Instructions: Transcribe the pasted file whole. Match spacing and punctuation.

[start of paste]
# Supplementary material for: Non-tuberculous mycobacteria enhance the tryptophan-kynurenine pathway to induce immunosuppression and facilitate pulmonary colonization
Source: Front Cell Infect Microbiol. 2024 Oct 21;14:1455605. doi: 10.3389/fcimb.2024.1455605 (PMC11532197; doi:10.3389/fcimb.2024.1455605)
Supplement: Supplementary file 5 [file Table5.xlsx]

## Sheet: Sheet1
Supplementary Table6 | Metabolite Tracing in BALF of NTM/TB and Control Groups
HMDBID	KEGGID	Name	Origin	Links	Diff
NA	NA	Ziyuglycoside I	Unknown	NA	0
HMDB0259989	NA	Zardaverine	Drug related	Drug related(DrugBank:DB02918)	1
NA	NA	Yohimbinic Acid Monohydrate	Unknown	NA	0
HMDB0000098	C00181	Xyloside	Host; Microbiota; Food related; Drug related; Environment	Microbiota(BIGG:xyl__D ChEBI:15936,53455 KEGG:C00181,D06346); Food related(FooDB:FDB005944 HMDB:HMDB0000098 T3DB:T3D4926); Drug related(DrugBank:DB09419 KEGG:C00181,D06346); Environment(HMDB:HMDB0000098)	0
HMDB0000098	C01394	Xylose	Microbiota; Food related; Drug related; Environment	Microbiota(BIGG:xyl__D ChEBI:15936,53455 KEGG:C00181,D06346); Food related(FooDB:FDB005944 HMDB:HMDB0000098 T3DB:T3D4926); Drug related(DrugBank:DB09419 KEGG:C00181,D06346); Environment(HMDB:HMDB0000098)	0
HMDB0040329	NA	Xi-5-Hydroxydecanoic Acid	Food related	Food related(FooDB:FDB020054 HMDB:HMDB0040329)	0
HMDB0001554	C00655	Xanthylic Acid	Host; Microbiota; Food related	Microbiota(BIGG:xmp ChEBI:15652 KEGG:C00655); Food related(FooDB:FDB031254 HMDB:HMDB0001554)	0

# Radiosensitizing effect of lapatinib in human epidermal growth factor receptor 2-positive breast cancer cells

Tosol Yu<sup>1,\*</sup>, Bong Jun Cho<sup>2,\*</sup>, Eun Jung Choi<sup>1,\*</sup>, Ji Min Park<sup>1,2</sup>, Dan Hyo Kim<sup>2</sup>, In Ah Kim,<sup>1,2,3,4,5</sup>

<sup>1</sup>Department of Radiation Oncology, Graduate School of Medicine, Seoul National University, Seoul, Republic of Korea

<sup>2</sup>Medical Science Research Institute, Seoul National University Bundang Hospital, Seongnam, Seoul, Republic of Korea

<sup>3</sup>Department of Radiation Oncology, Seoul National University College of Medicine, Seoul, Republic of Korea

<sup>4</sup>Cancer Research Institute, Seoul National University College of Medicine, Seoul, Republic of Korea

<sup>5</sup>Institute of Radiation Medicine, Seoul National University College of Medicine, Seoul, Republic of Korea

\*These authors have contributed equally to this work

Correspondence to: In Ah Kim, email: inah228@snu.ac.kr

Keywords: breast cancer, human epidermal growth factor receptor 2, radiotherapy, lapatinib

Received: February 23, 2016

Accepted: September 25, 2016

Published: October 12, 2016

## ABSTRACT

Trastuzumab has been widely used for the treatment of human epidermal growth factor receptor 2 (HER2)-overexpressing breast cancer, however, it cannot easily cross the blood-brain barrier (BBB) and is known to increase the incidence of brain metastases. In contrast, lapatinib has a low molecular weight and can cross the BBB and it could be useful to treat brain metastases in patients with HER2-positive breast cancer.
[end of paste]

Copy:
# Supplementary material for: Non-tuberculous mycobacteria enhance the tryptophan-kynurenine pathway to induce immunosuppression and facilitate pulmonary colonization
Source: Front Cell Infect Microbiol. 2024 Oct 21;14:1455605. doi: 10.3389/fcimb.2024.1455605 (PMC11532197; doi:10.3389/fcimb.2024.1455605)
Supplement: Supplementary file 5 [file Table5.xlsx]

## Sheet: Sheet1
Supplementary Table6 | Metabolite Tracing in BALF of NTM/TB and Control Groups
HMDBID	KEGGID	Name	Origin	Links	Diff
NA	NA	Ziyuglycoside I	Unknown	NA	0
HMDB0259989	NA	Zardaverine	Drug related	Drug related(DrugBank:DB02918)	1
NA	NA	Yohimbinic Acid Monohydrate	Unknown	NA	0
HMDB0000098	C00181	Xyloside	Host; Microbiota; Food related; Drug related; Environment	Microbiota(BIGG:xyl__D ChEBI:15936,53455 KEGG:C00181,D06346); Food related(FooDB:FDB005944 HMDB:HMDB0000098 T3DB:T3D4926); Drug related(DrugBank:DB09419 KEGG:C00181,D06346); Environment(HMDB:HMDB0000098)	0
HMDB0000098	C01394	Xylose	Microbiota; Food related; Drug related; Environment	Microbiota(BIGG:xyl__D ChEBI:15936,53455 KEGG:C00181,D06346); Food related(FooDB:FDB005944 HMDB:HMDB0000098 T3DB:T3D4926); Drug related(DrugBank:DB09419 KEGG:C00181,D06346); Environment(HMDB:HMDB0000098)	0
HMDB0040329	NA	Xi-5-Hydroxydecanoic Acid	Food related	Food related(FooDB:FDB020054 HMDB:HMDB0040329)	0
HMDB0001554	C00655	Xanthylic Acid	Host; Microbiota; Food related	Microbiota(BIGG:xmp ChEBI:15652 KEGG:C00655); Food related(FooDB:FDB031254 HMDB:HMDB0001554)	0

# Radiosensitizing effect of lapatinib in human epidermal growth factor receptor 2-positive breast cancer cells

Tosol Yu<sup>1,\*</sup>, Bong Jun Cho<sup>2,\*</sup>, Eun Jung Choi<sup>1,\*</sup>, Ji Min Park<sup>1,2</sup>, Dan Hyo Kim<sup>2</sup>, In Ah Kim,<sup>1,2,3,4,5</sup>

<sup>1</sup>Department of Radiation Oncology, Graduate School of Medicine, Seoul National University, Seoul, Republic of Korea

<sup>2</sup>Medical Science Research Institute, Seoul National University Bundang Hospital, Seongnam, Seoul, Republic of Korea

<sup>3</sup>Department of Radiation Oncology, Seoul National University College of Medicine, Seoul, Republic of Korea

<sup>4</sup>Cancer Research Institute, Seoul National University College of Medicine, Seoul, Republic of Korea

<sup>5</sup>Institute of Radiation Medicine, Seoul National University College of Medicine, Seoul, Republic of Korea

\*These authors have contributed equally to this work

Correspondence to: In Ah Kim, email: inah228@snu.ac.kr

Keywords: breast cancer, human epidermal growth factor receptor 2, radiotherapy, lapatinib

Received: February 23, 2016

Accepted: September 25, 2016

Published: October 12, 2016

## ABSTRACT

Trastuzumab has been widely used for the treatment of human epidermal growth factor receptor 2 (HER2)-overexpressing breast cancer, however, it cannot easily cross the blood-brain barrier (BBB) and is known to increase the incidence of brain metastases. In contrast, lapatinib has a low molecular weight and can cross the BBB and it could be useful to treat brain metastases in patients with HER2-positive breast cancer.